The most interesting aspect of this phenomena to me is the color of these events. Why the specific hues or colors? Does it correlate to specific gases being excited and why?

As research progresses, it will be interesting to see how this story unfolds.
manfredparticleboard
3.4 / 5 (5) Feb 10, 2017
"Just more evidence that the currently accepted guesses about the extent of the Earth's electrical circuitry are terribly flawed. The Earth is part of a much larger circuit driven by the Sun which itself is connected to the much larger galactic circuit as well."

Just more evidence some people will believe anything despite logic or facts.

And yes, the colours are related to gas ionisation, red- singlet oxygen, blue- nitrogen.
jonesdave
3.4 / 5 (5) Feb 10, 2017
Just more evidence that the currently accepted guesses about the extent of the Earth's electrical circuitry are terribly flawed. The Earth is part of a much larger circuit driven by the Sun which itself is connected to the much larger galactic circuit as well.


Lol. No it isn't. Evidence please. This is just bleedin' lightning. Made in clouds. On Earth. Do you lot never tire of shooting yourselves in the foot?
jonesdave
3.4 / 5 (5) Feb 10, 2017
I wonder if these are cosmic particles interacting with the atmosphere?
Stressed magnetic fields causing charge to move in alternate directions?

I have seen lightning strikes in super slow motion and it showed mini events occurring over and over again to form the path of the larger discharges. Once these ion paths or channels are formed, would it cause secondary events which would cause even larger discharges/events?

The most interesting aspect of this phenomena to me is the color of these events. Why the specific hues or colors? Does it correlate to specific gases being excited and why?

As research progresses, it will be interesting to see how this story unfolds.


Have a look here:
http://www.blastr...en-space
jonesdave
4.2 / 5 (5) Feb 10, 2017
Actually, there is a free access paper related to this, as mentioned in the article:

Profuse activity of blue electrical discharges at the tops of thunderstorms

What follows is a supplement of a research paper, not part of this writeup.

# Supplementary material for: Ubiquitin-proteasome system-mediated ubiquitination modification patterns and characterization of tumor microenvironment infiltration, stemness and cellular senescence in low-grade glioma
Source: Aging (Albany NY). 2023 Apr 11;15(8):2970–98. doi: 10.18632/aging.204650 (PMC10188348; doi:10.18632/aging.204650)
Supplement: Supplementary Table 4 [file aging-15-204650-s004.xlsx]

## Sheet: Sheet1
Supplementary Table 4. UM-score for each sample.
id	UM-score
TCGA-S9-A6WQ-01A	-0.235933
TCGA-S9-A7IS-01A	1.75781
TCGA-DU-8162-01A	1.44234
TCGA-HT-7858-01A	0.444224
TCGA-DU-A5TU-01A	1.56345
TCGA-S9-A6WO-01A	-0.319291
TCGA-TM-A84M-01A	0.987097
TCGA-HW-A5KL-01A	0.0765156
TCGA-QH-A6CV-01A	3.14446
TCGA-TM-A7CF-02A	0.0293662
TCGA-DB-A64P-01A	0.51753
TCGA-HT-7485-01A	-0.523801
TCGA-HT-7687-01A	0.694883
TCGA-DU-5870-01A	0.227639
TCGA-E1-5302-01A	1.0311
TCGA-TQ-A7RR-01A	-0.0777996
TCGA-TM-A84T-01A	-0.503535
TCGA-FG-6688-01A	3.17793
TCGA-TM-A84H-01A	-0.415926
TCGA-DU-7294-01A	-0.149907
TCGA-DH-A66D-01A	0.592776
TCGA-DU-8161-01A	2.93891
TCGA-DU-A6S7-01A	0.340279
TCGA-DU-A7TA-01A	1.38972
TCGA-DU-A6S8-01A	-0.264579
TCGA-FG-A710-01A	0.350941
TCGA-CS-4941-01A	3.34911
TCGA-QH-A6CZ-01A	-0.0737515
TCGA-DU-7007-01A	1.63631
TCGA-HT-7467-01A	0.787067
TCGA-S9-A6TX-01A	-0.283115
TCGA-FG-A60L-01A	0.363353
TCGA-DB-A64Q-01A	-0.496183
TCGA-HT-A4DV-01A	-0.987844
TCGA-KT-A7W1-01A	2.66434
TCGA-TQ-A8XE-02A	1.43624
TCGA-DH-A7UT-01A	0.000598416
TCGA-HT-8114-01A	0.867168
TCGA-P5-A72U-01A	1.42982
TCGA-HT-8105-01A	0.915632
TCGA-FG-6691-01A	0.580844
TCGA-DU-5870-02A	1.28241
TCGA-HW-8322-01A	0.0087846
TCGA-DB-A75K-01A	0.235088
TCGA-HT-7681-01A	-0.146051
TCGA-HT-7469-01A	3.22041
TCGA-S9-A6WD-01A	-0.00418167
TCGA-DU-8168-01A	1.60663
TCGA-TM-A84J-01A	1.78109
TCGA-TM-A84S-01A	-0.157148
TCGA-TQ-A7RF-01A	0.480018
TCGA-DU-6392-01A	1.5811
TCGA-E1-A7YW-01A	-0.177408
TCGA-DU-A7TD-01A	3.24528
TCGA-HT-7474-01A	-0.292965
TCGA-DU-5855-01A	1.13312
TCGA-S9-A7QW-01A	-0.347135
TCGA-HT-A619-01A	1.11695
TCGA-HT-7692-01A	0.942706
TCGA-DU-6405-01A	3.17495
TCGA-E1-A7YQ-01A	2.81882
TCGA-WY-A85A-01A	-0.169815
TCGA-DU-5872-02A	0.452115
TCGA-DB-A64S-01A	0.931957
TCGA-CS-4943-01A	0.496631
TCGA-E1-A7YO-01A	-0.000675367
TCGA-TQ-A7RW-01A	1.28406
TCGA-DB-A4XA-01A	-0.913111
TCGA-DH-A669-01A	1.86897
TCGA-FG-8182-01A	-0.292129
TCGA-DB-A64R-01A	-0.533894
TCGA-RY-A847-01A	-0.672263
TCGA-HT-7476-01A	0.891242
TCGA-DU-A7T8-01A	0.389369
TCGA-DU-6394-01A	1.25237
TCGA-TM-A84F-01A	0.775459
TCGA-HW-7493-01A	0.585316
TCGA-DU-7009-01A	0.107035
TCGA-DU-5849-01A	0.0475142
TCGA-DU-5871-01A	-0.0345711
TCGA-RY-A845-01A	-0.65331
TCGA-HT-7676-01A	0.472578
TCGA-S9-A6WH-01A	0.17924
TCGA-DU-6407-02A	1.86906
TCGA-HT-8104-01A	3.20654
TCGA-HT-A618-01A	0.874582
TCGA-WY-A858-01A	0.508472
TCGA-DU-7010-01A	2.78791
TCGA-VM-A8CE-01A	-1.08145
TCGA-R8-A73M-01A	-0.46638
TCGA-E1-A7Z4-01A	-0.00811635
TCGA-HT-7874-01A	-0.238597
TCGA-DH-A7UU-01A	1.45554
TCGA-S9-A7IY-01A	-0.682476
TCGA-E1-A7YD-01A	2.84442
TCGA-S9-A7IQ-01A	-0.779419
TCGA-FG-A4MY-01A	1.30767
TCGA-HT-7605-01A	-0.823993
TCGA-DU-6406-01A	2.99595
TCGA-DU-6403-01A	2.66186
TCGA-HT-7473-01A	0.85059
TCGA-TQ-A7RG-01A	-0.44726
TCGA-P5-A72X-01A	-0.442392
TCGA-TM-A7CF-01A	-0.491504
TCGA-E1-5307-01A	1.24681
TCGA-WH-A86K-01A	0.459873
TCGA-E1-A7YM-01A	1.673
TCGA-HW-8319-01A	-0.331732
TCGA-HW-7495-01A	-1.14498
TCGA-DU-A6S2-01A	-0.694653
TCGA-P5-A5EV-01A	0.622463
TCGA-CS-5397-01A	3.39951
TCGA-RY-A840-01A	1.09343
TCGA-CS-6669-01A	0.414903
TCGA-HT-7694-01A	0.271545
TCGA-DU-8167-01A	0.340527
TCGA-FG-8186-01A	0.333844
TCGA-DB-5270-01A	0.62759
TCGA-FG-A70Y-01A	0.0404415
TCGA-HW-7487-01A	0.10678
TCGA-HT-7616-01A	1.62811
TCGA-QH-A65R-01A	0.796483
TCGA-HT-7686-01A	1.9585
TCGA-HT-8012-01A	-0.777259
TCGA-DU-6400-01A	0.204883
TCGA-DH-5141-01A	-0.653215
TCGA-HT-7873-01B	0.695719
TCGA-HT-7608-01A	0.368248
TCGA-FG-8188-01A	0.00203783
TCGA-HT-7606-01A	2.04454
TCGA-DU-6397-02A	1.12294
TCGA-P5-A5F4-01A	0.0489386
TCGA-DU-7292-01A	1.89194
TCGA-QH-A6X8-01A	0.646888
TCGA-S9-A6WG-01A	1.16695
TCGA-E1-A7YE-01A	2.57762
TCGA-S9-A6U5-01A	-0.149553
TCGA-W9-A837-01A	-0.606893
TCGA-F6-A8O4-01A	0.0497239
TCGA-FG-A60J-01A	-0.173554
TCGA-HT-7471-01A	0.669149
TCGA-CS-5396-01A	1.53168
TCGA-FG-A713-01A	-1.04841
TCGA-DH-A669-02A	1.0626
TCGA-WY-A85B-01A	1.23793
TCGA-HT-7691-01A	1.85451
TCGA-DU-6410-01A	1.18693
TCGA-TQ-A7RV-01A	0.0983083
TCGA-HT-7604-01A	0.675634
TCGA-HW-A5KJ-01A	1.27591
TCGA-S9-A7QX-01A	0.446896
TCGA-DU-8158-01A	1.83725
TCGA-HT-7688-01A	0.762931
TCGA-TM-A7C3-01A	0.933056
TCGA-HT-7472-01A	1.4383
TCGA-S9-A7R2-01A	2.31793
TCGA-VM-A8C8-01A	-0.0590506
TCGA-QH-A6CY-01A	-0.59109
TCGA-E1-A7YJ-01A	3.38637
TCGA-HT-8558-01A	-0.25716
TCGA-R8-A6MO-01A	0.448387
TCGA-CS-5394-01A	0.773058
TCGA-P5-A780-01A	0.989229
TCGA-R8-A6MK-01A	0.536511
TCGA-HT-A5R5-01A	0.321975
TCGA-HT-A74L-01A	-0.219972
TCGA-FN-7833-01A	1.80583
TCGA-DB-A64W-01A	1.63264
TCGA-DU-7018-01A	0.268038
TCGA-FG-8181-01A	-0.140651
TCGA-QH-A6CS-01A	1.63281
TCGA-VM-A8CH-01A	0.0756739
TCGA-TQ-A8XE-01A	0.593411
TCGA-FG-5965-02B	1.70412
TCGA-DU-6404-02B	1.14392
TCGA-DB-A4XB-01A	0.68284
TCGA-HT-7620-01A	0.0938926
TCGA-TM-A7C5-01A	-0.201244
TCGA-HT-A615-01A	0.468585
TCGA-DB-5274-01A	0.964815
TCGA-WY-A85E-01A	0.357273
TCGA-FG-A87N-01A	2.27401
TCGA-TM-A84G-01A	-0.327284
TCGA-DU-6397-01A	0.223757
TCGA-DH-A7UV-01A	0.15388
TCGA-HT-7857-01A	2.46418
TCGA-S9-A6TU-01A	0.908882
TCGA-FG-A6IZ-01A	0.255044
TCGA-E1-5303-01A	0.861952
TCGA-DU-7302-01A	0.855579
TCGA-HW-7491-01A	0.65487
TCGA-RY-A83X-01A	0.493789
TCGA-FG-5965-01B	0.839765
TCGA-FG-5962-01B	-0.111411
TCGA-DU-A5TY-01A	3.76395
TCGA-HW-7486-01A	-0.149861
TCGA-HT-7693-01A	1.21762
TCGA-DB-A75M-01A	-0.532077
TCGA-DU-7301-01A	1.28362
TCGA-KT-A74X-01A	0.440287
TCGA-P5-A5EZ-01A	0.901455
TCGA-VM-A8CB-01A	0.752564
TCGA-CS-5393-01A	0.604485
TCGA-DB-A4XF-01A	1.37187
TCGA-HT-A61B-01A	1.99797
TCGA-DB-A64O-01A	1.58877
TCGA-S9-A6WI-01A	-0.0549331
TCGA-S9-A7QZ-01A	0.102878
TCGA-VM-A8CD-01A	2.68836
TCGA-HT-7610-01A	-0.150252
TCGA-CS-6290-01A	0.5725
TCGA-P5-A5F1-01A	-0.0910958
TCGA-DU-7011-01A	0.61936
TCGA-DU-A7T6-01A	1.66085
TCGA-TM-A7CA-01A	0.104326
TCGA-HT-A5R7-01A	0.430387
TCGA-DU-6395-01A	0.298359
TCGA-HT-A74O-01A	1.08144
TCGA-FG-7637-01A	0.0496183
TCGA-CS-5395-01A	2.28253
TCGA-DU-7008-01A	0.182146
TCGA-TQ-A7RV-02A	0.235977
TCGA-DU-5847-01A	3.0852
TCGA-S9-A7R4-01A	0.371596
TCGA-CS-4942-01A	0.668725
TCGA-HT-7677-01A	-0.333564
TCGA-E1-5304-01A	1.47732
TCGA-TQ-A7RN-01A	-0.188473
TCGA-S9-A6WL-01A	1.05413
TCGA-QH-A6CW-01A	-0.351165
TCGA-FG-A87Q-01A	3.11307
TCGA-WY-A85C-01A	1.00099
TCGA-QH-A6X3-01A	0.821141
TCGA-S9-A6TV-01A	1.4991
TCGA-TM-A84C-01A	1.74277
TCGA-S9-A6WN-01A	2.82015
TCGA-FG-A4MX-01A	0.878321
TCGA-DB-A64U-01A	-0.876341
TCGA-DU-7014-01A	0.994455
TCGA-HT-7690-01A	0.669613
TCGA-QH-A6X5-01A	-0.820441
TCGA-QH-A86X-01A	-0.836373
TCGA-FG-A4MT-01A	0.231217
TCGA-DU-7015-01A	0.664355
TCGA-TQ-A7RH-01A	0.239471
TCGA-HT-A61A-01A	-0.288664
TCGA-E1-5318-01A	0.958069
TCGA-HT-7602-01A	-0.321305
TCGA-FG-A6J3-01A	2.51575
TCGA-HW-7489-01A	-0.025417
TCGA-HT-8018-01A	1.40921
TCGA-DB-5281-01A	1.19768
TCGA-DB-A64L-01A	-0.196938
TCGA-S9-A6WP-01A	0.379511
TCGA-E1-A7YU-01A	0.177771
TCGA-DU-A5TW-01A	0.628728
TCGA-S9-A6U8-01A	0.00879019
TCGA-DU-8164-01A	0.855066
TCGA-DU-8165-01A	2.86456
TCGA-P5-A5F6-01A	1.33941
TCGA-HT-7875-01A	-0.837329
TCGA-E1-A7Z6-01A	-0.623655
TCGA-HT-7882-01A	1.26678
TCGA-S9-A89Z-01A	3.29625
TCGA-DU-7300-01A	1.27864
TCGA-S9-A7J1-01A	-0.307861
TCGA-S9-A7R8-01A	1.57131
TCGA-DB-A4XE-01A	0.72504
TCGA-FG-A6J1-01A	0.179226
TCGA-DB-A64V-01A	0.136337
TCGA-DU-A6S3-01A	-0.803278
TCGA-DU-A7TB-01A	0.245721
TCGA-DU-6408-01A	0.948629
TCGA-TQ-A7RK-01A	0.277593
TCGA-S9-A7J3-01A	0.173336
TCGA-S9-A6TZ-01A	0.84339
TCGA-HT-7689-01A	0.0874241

Chanrion, O. et al
http://onlinelibr...311/full

Lots of pretty pictures for the EU guys to misinterpret at will.
gculpex
not rated yet Feb 10, 2017
Actually, there is a free access paper related to this, as mentioned in the article:

Profuse activity of blue electrical discharges at the tops of thunderstorms
Chanrion, O. et al
http://onlinelibr...311/full

Lots of pretty pictures for the EU guys to misinterpret at will.

So, did you see the altitude these currents were at? very thin atmosphere...
jonesdave
3.4 / 5 (5) Feb 11, 2017
So, did you see the altitude these currents were at? very thin atmosphere...


And what has that got to do with it?..............sigh. Read the paper. Try to understand it.

The most common, but oversimplified, configuration of thundercloud charge structure is with a negative charge layer at the center and positive charge layers above and below. In this simple view, blue jets are thought to be positive leader discharges in normal polarity storms, generated by the electric field between the top positive charge center and the negative screening layer formed by negative ions attracted from the atmosphere and ionosphere above. Once formed, the streamers continue past the screening layer and shoot up into the stratosphere, ionizing this region


If it's 'ionizing this region', then what was the region prior to being ionized by the lightning?